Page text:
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Emotionally Focused Therapy

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We depend on our intimate partners for support, security, and a sense of safety. When these needs are not being met, couples can become stuck in destructive cycles of interaction characterized by intense negative emotions. The resultant distress has an impact on individual self-esteem and general well-being, and we feel overwhelmed, helpless, and alone. Ultimately, this can lead to the disintegration of the couple and family, with lasting emotional scarring.

There are many different therapeutic approaches to dealing with distressed relationships. Analyzing early formative relationships can help couples gain insight into their patterns of relating. Improving communication and negotiation skills can also help. Cognitive-behavioral approaches focus on modifying unrealistic beliefs and expectations.

Curiously, until relatively recently, emotion was viewed as a by-product of other processes and received little attention until the early 1980s when Sue Johnson and Les Greenberg formulated Emotionally Focused Therapy (EFT). It was so named to draw attention to the crucial significance of emotion and emotional communication in the organization of patterns of interaction and key experiences in close relationships. It also focused on emotion as a powerful agent of change rather than just part of the problem of relationship distress.

A highly successful approach to couples therapy, EFT looks at love as attachment (or emotional bonding), which gives a sense of connection, security, and safety. What partners want is emotional responsiveness: Can I reach him? Can I rely on her to respond to me emotionally? Will he stay close and value me? When partners in a relationship feel disconnected, they protest. This is manifested as increasingly negative patterns of interaction as the protests of each partner evoke negative responses from the other. Johnson calls this the dance of the relationship and in her book "Hold Me Tight," she describes different versions of this dance. In "Find the Bad Guy" one partner attacks, and the other angrily attacks back. A more common pattern is "the Protest Polka" where one partner becomes aggressive and critical and the other defensive and distant. "The Freeze and Flee" pattern results when both partners withdraw into defensive distance.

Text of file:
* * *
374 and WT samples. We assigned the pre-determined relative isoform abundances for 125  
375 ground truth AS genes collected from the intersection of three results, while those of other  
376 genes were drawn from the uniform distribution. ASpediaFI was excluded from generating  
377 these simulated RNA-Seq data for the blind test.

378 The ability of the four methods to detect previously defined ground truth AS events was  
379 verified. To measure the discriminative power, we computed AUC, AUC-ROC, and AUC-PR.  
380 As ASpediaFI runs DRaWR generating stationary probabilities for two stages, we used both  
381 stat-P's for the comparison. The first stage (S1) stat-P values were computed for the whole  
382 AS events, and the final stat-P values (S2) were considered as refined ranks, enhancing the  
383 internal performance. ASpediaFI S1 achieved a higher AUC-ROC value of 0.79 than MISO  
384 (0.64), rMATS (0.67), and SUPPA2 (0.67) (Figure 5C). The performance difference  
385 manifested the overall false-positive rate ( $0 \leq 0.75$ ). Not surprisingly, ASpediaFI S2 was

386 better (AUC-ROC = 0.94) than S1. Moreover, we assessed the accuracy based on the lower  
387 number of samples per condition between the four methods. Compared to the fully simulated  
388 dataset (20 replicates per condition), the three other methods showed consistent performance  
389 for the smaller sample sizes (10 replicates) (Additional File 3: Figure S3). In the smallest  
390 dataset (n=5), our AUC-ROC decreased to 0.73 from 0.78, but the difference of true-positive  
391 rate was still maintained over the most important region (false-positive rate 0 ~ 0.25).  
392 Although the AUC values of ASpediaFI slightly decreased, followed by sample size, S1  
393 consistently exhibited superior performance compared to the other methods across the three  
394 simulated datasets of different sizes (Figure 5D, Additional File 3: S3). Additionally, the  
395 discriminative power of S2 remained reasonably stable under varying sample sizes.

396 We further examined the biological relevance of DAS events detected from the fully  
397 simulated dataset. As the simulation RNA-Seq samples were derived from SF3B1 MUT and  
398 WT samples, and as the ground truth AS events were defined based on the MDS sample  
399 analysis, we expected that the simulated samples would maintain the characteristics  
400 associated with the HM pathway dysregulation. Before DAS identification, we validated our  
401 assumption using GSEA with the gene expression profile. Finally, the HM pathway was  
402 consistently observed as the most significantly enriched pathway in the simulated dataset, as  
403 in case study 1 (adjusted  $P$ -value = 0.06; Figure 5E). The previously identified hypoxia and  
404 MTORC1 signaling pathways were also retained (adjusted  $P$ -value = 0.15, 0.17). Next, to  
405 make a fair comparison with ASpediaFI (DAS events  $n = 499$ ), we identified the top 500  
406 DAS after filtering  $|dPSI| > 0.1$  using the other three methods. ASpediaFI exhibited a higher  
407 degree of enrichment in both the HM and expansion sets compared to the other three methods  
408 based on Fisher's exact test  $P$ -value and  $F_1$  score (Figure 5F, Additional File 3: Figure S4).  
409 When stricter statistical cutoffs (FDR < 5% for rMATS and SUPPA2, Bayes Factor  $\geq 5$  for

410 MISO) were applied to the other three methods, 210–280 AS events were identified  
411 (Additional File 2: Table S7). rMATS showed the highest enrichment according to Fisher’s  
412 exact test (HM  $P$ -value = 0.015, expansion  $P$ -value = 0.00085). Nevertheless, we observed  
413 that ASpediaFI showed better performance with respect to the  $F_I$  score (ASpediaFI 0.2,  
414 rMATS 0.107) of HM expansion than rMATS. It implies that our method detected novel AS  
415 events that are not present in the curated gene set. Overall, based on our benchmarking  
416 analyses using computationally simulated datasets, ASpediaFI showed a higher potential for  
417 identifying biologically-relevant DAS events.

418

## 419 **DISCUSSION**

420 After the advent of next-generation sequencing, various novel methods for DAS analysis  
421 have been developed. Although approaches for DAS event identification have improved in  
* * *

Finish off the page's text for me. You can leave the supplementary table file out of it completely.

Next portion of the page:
These protests are played out around a myriad of everyday issues: child-rearing, finances, sexual availability. The "what" of the conflict doesn't matter. Relationships become marked by resentment, wariness, and distance, with everything being interpreted through a negative filter. Couples feel helpless, despairing, and very stuck.

EFT cuts through to the core of relationship distress to address the attachment needs, the music, driving the dance and to provide corrective emotional experiences that reconnect the partners emotionally.

In the initial sessions, the focus is on helping the couple become aware of their moves in their negative cycle. Do they attack to get a response from the other, or do they shut down to protect themselves? A key part of this is seeing this dance as the enemy rather than each other. As they recognize what is happening, they can begin to stop getting sucked into it, which brings about a de-escalation in tension and makes it possible to access the underlying emotions or music driving the interactions.

Starting with the more withdrawn partner, the couple is encouraged to share these softer emotions with each other. The therapist will ask, "What happens when you shut down?" Often a withdrawer will express how overwhelmed s/he becomes in the face of criticism and demands. Withdrawers cope by withdrawing and becoming emotionally distant which can be misinterpreted by the other partner as not caring. Expressing vulnerability evokes more positive responses, resulting in mini bonding moments as partners feel increasingly feel safe enough to reveal previously hidden aspects of themselves. In the final consolidation stage, any long-standing unresolved painful issues or "attachment injuries" are processed.

EFT couples therapy is available through International Counselling Connections and requires between 12 and 20 sessions. Research indicates a high success rate with a low risk of relapse.

Recommended reading: "Hold Me Tight" by Sue Johnson is a self-help guide to loving relationships based on EFT principles. The book is user-friendly, practical, and engaging, an invaluable resource for couples who want to become more emotionally connected.